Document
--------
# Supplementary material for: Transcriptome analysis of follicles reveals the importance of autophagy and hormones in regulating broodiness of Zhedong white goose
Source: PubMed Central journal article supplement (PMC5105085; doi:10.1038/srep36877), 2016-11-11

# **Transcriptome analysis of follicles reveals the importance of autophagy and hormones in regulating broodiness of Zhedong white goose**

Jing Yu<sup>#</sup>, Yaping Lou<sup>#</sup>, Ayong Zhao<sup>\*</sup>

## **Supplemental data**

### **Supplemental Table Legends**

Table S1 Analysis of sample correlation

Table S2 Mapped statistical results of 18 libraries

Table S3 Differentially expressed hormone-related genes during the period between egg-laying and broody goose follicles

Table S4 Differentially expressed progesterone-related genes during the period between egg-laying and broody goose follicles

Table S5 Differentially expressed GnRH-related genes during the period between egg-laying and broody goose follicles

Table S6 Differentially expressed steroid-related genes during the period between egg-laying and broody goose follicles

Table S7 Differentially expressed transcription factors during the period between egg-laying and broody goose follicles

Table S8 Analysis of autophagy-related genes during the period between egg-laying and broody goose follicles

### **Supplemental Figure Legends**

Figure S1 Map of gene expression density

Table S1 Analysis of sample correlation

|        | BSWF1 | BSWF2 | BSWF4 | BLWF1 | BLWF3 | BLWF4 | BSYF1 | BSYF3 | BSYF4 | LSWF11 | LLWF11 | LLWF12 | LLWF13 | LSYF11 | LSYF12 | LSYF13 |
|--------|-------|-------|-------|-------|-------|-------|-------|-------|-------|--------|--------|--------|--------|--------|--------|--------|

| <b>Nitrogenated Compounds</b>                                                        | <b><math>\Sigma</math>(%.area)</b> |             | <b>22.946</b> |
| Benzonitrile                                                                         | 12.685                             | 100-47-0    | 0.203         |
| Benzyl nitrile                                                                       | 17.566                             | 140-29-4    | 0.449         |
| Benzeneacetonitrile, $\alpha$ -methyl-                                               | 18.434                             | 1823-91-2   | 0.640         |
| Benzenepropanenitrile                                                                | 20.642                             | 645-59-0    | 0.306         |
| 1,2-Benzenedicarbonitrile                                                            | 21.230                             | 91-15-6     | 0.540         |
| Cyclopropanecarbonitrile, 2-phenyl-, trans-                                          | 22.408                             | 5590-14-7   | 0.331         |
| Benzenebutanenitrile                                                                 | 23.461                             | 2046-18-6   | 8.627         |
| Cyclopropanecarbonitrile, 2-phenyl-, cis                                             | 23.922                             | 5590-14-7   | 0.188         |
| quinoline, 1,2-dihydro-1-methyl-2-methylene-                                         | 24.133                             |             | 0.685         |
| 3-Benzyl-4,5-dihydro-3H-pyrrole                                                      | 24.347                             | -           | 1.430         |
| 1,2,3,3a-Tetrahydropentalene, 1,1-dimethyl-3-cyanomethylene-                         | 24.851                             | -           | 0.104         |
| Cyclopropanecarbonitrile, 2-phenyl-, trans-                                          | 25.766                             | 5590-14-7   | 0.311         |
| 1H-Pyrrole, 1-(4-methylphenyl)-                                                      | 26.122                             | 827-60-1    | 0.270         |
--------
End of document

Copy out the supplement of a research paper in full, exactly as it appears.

# Supplementary material for: Transcriptome analysis of follicles reveals the importance of autophagy and hormones in regulating broodiness of Zhedong white goose
Source: PubMed Central journal article supplement (PMC5105085; doi:10.1038/srep36877), 2016-11-11

# **Transcriptome analysis of follicles reveals the importance of autophagy and hormones in regulating broodiness of Zhedong white goose**

Jing Yu<sup>#</sup>, Yaping Lou<sup>#</sup>, Ayong Zhao<sup>\*</sup>

## **Supplemental data**

### **Supplemental Table Legends**

Table S1 Analysis of sample correlation

Table S2 Mapped statistical results of 18 libraries

Table S3 Differentially expressed hormone-related genes during the period between egg-laying and broody goose follicles

Table S4 Differentially expressed progesterone-related genes during the period between egg-laying and broody goose follicles

Table S5 Differentially expressed GnRH-related genes during the period between egg-laying and broody goose follicles

Table S6 Differentially expressed steroid-related genes during the period between egg-laying and broody goose follicles

Table S7 Differentially expressed transcription factors during the period between egg-laying and broody goose follicles

Table S8 Analysis of autophagy-related genes during the period between egg-laying and broody goose follicles

### **Supplemental Figure Legends**

Figure S1 Map of gene expression density

Table S1 Analysis of sample correlation

|        | BSWF1 | BSWF2 | BSWF4 | BLWF1 | BLWF3 | BLWF4 | BSYF1 | BSYF3 | BSYF4 | LSWF11 | LLWF11 | LLWF12 | LLWF13 | LSYF11 | LSYF12 | LSYF13 |
|--------|-------|-------|-------|-------|-------|-------|-------|-------|-------|--------|--------|--------|--------|--------|--------|--------|

| <b>Nitrogenated Compounds</b>                                                        | <b><math>\Sigma</math>(%.area)</b> |             | <b>22.946</b> |
| Benzonitrile                                                                         | 12.685                             | 100-47-0    | 0.203         |
| Benzyl nitrile                                                                       | 17.566                             | 140-29-4    | 0.449         |
| Benzeneacetonitrile, $\alpha$ -methyl-                                               | 18.434                             | 1823-91-2   | 0.640         |
| Benzenepropanenitrile                                                                | 20.642                             | 645-59-0    | 0.306         |
| 1,2-Benzenedicarbonitrile                                                            | 21.230                             | 91-15-6     | 0.540         |
| Cyclopropanecarbonitrile, 2-phenyl-, trans-                                          | 22.408                             | 5590-14-7   | 0.331         |
| Benzenebutanenitrile                                                                 | 23.461                             | 2046-18-6   | 8.627         |
| Cyclopropanecarbonitrile, 2-phenyl-, cis                                             | 23.922                             | 5590-14-7   | 0.188         |
| quinoline, 1,2-dihydro-1-methyl-2-methylene-                                         | 24.133                             |             | 0.685         |
| 3-Benzyl-4,5-dihydro-3H-pyrrole                                                      | 24.347                             | -           | 1.430         |
| 1,2,3,3a-Tetrahydropentalene, 1,1-dimethyl-3-cyanomethylene-                         | 24.851                             | -           | 0.104         |
| Cyclopropanecarbonitrile, 2-phenyl-, trans-                                          | 25.766                             | 5590-14-7   | 0.311         |
| 1H-Pyrrole, 1-(4-methylphenyl)-                                                      | 26.122                             | 827-60-1    | 0.270         |